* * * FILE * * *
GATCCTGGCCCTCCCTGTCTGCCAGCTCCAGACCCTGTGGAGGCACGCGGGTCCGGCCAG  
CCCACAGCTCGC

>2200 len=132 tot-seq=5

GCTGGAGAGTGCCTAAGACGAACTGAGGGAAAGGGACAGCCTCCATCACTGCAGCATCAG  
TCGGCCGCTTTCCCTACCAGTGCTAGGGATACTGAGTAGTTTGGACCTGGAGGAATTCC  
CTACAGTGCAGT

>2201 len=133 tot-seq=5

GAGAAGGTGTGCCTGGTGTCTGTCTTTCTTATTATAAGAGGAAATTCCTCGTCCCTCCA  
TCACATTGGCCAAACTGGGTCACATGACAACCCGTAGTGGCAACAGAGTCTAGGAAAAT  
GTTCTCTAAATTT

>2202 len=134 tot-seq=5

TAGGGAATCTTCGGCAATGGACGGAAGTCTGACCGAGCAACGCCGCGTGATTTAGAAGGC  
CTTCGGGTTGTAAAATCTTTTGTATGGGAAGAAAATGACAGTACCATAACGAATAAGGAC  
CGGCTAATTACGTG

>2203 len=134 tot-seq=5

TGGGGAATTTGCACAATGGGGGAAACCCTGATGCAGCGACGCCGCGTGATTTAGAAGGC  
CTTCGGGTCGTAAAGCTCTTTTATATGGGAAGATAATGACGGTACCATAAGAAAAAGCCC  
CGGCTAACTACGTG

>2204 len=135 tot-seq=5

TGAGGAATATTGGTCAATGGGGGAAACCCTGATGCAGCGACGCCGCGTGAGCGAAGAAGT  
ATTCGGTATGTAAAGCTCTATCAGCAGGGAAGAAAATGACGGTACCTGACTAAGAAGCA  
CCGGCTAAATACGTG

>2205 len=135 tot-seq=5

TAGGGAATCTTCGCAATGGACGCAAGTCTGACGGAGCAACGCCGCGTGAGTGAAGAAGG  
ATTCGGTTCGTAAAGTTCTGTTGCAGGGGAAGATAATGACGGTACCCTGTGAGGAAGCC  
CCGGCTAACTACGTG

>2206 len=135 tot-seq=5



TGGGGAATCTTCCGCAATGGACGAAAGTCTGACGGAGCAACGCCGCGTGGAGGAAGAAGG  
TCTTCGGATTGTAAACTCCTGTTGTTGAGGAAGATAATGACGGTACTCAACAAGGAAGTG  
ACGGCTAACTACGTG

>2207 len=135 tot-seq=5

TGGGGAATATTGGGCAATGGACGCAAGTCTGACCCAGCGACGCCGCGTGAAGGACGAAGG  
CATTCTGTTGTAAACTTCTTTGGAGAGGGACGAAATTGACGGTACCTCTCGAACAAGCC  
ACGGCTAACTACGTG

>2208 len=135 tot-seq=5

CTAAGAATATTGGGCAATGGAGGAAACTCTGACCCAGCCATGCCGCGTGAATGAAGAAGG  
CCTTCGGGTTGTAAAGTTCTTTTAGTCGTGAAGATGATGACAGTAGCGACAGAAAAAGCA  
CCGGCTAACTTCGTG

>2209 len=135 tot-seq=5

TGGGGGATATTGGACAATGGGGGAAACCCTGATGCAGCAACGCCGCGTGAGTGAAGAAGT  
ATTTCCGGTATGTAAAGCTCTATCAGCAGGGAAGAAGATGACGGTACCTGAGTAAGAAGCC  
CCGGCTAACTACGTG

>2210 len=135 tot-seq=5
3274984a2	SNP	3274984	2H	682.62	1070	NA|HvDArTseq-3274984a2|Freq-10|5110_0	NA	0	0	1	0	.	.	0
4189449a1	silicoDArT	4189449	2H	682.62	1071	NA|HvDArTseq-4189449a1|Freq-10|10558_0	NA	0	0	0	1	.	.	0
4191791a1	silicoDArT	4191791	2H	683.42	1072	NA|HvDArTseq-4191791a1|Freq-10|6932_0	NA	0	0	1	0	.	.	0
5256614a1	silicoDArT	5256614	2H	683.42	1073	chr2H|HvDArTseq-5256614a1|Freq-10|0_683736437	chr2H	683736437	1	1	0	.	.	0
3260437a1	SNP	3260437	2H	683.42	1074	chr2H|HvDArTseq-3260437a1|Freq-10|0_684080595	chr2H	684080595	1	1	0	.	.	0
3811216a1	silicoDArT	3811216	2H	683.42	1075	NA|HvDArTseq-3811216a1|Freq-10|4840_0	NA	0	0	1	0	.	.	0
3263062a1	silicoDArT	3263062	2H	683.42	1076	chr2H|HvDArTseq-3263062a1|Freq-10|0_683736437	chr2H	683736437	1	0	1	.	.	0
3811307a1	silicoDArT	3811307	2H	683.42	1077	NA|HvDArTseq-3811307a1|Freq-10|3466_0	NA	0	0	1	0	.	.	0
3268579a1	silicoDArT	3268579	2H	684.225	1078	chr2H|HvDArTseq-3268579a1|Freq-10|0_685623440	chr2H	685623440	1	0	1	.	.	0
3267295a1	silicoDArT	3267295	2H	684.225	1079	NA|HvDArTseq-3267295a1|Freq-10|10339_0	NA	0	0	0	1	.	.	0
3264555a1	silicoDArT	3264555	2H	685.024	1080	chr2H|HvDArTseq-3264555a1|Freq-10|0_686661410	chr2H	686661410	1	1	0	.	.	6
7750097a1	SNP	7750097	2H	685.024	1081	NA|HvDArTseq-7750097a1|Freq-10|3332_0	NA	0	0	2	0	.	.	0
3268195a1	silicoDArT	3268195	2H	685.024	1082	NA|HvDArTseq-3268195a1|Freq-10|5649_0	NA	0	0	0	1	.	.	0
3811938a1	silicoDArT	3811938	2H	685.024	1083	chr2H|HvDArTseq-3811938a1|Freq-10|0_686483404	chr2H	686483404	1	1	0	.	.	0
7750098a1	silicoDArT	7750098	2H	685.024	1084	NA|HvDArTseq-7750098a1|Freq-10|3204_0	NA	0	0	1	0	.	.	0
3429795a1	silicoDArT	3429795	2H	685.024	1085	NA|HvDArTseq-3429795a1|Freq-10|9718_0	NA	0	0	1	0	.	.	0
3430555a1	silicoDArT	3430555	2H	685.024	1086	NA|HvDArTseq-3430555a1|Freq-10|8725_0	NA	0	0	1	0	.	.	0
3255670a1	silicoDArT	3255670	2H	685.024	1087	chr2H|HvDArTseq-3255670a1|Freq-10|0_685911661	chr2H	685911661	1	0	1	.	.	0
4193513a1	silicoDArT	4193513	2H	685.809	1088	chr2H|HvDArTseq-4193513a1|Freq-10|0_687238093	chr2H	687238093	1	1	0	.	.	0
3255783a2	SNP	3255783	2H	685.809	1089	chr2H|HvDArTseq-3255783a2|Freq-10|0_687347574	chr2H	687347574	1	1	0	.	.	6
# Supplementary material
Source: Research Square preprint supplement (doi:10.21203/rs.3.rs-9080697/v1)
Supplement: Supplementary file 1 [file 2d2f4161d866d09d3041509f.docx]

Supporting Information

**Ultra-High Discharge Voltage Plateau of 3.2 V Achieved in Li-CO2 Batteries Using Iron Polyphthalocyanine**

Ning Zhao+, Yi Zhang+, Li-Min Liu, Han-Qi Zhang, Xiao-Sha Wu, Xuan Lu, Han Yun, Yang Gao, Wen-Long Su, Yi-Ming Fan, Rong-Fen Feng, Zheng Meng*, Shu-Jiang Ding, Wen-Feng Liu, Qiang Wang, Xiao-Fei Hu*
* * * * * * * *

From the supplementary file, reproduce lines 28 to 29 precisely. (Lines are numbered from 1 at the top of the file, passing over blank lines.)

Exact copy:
TGGGGAATCTTCCGCAATGGACGAAAGTCTGACGGAGCAACGCCGCGTGGAGGAAGAAGG  
TCTTCGGATTGTAAACTCCTGTTGTTGAGGAAGATAATGACGGTACTCAACAAGGAAGTG  